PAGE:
A market based nuclear recycling regime is not my first choice. Markets respond economic pressures very well. There’s a whole panoply of things they’re for which they’re really not appropriate, and the health and safety of third parties is high on that list. If you want to make use of the efficiencies that might result from using a market-based approach, then by all means created a mechanism through which private participation is encouraged within the framework of a publically managed system – but I don’t want to relinquish the responsibility for managing something with such broad based and profound dangers to private management.

JIM3CH
05-22-2008, 04:23 PM
The issue of how you deal with waste is integral with whether you close the fuel cycle or not. The Japanese are making very good progress with partitioning and transmutation technologies that essentially eliminate the so called “waste” problem. What you refer to as waste is actually an extremely valuable energy resource for future generations, composed mostly of un-fissioned uranium, plutonium, and burnable transuranic elements.

I tend to agree with you that nuclear energy is not well suited to the free market environment, because it is hard to discount such things as safety, security, and non-proliferation. Strong government involvement is important. And, although being a champion of the free market, Jack very eloquently pointed to the need for strong US governmental leadership, not just for US nuclear policy, but for International nuclear policy.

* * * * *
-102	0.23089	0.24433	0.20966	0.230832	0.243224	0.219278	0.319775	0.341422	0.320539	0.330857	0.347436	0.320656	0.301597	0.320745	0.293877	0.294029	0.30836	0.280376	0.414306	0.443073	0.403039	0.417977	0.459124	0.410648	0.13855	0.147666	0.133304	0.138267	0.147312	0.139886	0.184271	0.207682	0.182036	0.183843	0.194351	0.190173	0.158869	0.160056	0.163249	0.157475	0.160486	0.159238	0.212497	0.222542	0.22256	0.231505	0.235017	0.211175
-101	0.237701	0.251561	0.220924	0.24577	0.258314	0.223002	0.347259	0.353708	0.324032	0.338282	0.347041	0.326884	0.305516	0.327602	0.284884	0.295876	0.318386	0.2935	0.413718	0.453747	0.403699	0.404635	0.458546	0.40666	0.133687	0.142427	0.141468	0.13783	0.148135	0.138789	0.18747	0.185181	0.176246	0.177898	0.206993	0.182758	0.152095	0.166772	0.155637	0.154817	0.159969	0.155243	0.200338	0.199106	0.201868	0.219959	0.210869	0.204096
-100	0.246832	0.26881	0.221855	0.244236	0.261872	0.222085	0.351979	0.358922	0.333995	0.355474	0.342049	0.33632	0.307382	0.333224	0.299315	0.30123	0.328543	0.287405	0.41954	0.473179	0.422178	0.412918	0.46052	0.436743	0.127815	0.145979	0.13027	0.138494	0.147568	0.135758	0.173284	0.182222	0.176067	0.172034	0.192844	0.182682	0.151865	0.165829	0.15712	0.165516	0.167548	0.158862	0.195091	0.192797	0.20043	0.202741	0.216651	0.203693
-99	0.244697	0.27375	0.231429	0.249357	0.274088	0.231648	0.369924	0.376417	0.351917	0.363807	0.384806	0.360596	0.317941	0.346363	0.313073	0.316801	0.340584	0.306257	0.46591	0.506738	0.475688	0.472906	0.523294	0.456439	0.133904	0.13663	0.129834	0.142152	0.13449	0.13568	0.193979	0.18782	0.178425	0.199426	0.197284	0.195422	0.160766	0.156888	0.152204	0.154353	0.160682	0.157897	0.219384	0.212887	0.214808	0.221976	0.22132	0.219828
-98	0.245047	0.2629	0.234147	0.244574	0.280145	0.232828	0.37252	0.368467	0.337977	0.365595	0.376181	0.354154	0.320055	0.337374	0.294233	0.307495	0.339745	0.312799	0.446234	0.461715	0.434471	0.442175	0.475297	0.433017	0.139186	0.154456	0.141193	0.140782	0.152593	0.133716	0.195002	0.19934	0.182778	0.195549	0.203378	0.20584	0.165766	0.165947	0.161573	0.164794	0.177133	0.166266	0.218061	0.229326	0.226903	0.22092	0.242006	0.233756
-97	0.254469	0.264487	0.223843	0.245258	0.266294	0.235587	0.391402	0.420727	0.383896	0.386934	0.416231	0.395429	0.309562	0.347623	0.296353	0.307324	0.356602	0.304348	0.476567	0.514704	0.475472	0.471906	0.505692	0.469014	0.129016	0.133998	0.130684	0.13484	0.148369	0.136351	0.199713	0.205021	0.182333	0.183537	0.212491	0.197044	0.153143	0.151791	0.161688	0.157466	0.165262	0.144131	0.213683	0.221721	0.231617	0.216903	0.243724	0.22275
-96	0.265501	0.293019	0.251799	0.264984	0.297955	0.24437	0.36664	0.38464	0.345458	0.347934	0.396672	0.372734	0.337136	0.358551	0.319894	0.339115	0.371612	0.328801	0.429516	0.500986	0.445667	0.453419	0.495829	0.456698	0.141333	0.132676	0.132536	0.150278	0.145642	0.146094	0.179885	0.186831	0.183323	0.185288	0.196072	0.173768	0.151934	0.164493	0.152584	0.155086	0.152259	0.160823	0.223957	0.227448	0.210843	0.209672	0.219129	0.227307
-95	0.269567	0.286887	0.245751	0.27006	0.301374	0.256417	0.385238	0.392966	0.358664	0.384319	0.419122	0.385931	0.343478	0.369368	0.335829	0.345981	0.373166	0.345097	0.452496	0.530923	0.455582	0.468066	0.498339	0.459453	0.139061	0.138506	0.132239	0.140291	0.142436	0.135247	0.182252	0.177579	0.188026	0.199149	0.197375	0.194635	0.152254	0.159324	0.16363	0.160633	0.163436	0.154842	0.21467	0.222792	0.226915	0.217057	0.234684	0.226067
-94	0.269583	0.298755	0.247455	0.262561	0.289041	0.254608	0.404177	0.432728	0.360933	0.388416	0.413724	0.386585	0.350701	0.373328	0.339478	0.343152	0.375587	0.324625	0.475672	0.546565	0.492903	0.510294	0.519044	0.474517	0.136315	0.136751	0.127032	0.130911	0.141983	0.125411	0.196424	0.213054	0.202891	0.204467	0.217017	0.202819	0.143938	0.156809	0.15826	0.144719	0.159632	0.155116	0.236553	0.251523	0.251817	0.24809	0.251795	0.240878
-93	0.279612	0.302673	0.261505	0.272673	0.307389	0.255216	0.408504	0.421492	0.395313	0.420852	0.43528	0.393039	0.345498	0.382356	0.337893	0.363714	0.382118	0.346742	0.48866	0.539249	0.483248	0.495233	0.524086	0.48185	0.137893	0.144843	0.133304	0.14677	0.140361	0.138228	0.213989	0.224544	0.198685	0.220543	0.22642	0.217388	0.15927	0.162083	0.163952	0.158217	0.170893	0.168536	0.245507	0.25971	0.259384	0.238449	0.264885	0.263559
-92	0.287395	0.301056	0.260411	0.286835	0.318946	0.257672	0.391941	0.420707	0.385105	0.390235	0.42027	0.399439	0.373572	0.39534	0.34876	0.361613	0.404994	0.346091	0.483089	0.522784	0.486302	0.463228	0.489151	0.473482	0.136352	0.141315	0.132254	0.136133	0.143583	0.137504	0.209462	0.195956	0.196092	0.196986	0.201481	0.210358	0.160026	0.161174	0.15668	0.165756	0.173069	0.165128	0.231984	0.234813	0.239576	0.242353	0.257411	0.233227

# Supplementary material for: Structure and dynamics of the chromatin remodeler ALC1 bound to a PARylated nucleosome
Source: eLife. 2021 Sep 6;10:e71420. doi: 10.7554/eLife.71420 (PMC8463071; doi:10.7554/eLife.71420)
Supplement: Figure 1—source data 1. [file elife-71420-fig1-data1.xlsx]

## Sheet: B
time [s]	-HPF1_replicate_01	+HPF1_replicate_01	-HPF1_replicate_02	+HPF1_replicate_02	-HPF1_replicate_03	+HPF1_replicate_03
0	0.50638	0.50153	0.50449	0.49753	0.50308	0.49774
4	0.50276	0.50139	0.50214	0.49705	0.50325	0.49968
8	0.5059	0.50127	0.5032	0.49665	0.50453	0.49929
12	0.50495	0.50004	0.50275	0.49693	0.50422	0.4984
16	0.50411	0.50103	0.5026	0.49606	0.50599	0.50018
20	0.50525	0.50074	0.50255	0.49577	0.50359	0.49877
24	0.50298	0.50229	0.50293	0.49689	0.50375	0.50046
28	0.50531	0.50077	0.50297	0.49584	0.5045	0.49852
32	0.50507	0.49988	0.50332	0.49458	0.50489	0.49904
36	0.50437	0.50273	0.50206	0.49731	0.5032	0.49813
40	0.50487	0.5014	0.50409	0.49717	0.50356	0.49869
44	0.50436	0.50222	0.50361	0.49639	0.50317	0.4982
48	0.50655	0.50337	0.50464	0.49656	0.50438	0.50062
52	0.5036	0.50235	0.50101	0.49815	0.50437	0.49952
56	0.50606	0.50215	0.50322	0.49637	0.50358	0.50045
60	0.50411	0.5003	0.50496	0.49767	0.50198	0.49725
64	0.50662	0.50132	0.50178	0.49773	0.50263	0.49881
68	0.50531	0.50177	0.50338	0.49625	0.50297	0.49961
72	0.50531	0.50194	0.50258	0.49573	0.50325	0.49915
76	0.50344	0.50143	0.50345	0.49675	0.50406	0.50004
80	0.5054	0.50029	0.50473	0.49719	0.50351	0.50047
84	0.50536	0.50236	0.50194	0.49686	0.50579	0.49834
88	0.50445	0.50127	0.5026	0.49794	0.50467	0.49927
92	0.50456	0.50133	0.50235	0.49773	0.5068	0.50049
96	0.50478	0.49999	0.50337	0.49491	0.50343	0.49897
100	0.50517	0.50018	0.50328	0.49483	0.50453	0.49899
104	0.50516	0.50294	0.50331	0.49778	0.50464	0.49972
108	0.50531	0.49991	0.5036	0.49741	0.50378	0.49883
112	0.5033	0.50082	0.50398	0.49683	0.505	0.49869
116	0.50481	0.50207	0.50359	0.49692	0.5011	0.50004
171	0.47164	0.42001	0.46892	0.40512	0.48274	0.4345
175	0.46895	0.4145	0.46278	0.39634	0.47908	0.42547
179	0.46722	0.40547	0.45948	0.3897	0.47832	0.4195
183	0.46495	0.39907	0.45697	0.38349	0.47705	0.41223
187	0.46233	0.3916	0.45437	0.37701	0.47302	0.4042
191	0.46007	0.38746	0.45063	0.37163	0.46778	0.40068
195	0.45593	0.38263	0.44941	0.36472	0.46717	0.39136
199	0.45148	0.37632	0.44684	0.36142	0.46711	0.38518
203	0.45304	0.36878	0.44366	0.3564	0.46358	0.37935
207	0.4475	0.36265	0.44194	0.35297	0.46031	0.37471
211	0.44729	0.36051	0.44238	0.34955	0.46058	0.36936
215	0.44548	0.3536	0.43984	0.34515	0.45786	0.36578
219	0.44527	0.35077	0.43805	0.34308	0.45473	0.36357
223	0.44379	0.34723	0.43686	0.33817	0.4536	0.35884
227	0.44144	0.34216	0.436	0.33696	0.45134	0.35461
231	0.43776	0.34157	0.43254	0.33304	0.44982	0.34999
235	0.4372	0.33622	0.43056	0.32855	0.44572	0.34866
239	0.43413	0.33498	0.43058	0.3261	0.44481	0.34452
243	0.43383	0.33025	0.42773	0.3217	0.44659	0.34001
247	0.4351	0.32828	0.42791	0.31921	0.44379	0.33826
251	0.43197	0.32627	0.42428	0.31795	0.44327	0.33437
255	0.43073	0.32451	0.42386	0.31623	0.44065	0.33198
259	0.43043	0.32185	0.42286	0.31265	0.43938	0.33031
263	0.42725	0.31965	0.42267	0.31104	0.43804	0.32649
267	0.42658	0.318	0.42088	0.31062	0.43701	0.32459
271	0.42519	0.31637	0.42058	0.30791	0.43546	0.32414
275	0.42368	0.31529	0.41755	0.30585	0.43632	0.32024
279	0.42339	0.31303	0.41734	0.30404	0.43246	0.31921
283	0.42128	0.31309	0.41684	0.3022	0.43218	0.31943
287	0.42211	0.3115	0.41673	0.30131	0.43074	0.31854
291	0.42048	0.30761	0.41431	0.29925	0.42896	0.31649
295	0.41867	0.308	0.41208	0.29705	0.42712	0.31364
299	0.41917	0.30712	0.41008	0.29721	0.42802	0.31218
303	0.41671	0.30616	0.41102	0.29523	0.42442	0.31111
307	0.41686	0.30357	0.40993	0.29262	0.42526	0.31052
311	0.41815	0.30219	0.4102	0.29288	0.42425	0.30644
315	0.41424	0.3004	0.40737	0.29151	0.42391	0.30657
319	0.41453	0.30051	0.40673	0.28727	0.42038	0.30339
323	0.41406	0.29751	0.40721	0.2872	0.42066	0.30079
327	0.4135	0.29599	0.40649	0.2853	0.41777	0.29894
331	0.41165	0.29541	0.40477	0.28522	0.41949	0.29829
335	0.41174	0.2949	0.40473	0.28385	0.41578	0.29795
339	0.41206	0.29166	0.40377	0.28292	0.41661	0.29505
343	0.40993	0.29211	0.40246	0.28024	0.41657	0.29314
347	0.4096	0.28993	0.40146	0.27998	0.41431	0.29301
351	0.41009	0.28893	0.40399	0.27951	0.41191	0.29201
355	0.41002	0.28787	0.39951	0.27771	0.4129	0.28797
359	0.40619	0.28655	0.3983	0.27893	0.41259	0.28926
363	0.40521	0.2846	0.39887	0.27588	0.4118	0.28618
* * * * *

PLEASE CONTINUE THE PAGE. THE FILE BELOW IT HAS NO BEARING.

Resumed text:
I really hope that this debate is injected into the general election debate. However, as I understand them, all three candidates tend to support a nuclear renaissance.

JIM3CH
05-22-2008, 04:34 PM
I guess I am a bit of a "one trick pony", always lurking and only popping out when some arcane nuclear issue is thrown around. Kuodos to Bob Wright for making sure the BH audience is exposed to this important issue from time to time.

Thanks for the links.

With regard to the French. I am of the impression that their nuclear industry is robust. Their reactors, until now, have been of the light water variety, but they are experimenting on modern fast reactor technology in cooperation with Japan.

bjkeefe
05-22-2008, 04:47 PM